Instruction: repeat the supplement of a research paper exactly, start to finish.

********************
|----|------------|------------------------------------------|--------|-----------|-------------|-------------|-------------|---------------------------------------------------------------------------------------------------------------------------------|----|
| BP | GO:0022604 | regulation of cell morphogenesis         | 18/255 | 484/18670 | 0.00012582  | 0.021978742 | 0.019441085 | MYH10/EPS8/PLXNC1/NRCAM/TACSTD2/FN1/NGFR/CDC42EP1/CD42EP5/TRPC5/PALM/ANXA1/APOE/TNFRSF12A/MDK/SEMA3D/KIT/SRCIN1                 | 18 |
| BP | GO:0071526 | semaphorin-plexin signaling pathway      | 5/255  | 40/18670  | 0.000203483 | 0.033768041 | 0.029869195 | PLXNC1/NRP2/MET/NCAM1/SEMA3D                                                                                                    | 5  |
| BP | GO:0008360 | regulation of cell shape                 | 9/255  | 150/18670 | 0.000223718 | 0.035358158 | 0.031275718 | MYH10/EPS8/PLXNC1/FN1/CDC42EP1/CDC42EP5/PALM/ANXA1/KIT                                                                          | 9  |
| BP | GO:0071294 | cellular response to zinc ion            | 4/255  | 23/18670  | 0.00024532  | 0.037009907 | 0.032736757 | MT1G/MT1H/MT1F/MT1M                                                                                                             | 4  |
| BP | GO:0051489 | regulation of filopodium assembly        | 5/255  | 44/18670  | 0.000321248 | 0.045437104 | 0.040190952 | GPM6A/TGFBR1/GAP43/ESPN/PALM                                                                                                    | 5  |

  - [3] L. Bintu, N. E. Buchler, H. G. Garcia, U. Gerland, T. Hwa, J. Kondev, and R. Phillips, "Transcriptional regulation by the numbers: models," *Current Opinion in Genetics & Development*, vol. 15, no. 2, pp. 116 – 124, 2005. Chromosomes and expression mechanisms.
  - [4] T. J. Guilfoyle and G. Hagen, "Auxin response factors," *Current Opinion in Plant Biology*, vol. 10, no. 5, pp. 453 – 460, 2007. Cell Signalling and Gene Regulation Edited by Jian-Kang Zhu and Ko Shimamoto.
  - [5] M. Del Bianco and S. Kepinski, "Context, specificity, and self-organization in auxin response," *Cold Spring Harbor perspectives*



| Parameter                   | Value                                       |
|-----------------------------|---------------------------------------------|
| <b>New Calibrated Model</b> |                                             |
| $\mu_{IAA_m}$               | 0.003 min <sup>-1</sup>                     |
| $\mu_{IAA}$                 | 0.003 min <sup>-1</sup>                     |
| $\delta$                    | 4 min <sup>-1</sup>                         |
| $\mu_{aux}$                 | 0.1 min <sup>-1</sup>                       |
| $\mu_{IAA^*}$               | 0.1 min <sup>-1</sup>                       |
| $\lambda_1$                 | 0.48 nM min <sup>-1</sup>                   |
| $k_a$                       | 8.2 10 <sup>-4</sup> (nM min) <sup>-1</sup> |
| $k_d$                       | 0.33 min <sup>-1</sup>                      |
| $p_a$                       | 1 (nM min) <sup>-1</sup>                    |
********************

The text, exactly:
|----|------------|------------------------------------------|--------|-----------|-------------|-------------|-------------|---------------------------------------------------------------------------------------------------------------------------------|----|
| BP | GO:0022604 | regulation of cell morphogenesis         | 18/255 | 484/18670 | 0.00012582  | 0.021978742 | 0.019441085 | MYH10/EPS8/PLXNC1/NRCAM/TACSTD2/FN1/NGFR/CDC42EP1/CD42EP5/TRPC5/PALM/ANXA1/APOE/TNFRSF12A/MDK/SEMA3D/KIT/SRCIN1                 | 18 |
| BP | GO:0071526 | semaphorin-plexin signaling pathway      | 5/255  | 40/18670  | 0.000203483 | 0.033768041 | 0.029869195 | PLXNC1/NRP2/MET/NCAM1/SEMA3D                                                                                                    | 5  |
| BP | GO:0008360 | regulation of cell shape                 | 9/255  | 150/18670 | 0.000223718 | 0.035358158 | 0.031275718 | MYH10/EPS8/PLXNC1/FN1/CDC42EP1/CDC42EP5/PALM/ANXA1/KIT                                                                          | 9  |
| BP | GO:0071294 | cellular response to zinc ion            | 4/255  | 23/18670  | 0.00024532  | 0.037009907 | 0.032736757 | MT1G/MT1H/MT1F/MT1M                                                                                                             | 4  |
| BP | GO:0051489 | regulation of filopodium assembly        | 5/255  | 44/18670  | 0.000321248 | 0.045437104 | 0.040190952 | GPM6A/TGFBR1/GAP43/ESPN/PALM                                                                                                    | 5  |

  - [3] L. Bintu, N. E. Buchler, H. G. Garcia, U. Gerland, T. Hwa, J. Kondev, and R. Phillips, "Transcriptional regulation by the numbers: models," *Current Opinion in Genetics & Development*, vol. 15, no. 2, pp. 116 – 124, 2005. Chromosomes and expression mechanisms.
  - [4] T. J. Guilfoyle and G. Hagen, "Auxin response factors," *Current Opinion in Plant Biology*, vol. 10, no. 5, pp. 453 – 460, 2007. Cell Signalling and Gene Regulation Edited by Jian-Kang Zhu and Ko Shimamoto.
  - [5] M. Del Bianco and S. Kepinski, "Context, specificity, and self-organization in auxin response," *Cold Spring Harbor perspectives*



| Parameter                   | Value                                       |
|-----------------------------|---------------------------------------------|
| <b>New Calibrated Model</b> |                                             |
| $\mu_{IAA_m}$               | 0.003 min <sup>-1</sup>                     |
| $\mu_{IAA}$                 | 0.003 min <sup>-1</sup>                     |
| $\delta$                    | 4 min <sup>-1</sup>                         |
| $\mu_{aux}$                 | 0.1 min <sup>-1</sup>                       |
| $\mu_{IAA^*}$               | 0.1 min <sup>-1</sup>                       |
| $\lambda_1$                 | 0.48 nM min <sup>-1</sup>                   |
| $k_a$                       | 8.2 10 <sup>-4</sup> (nM min) <sup>-1</sup> |
| $k_d$                       | 0.33 min <sup>-1</sup>                      |
| $p_a$                       | 1 (nM min) <sup>-1</sup>                    |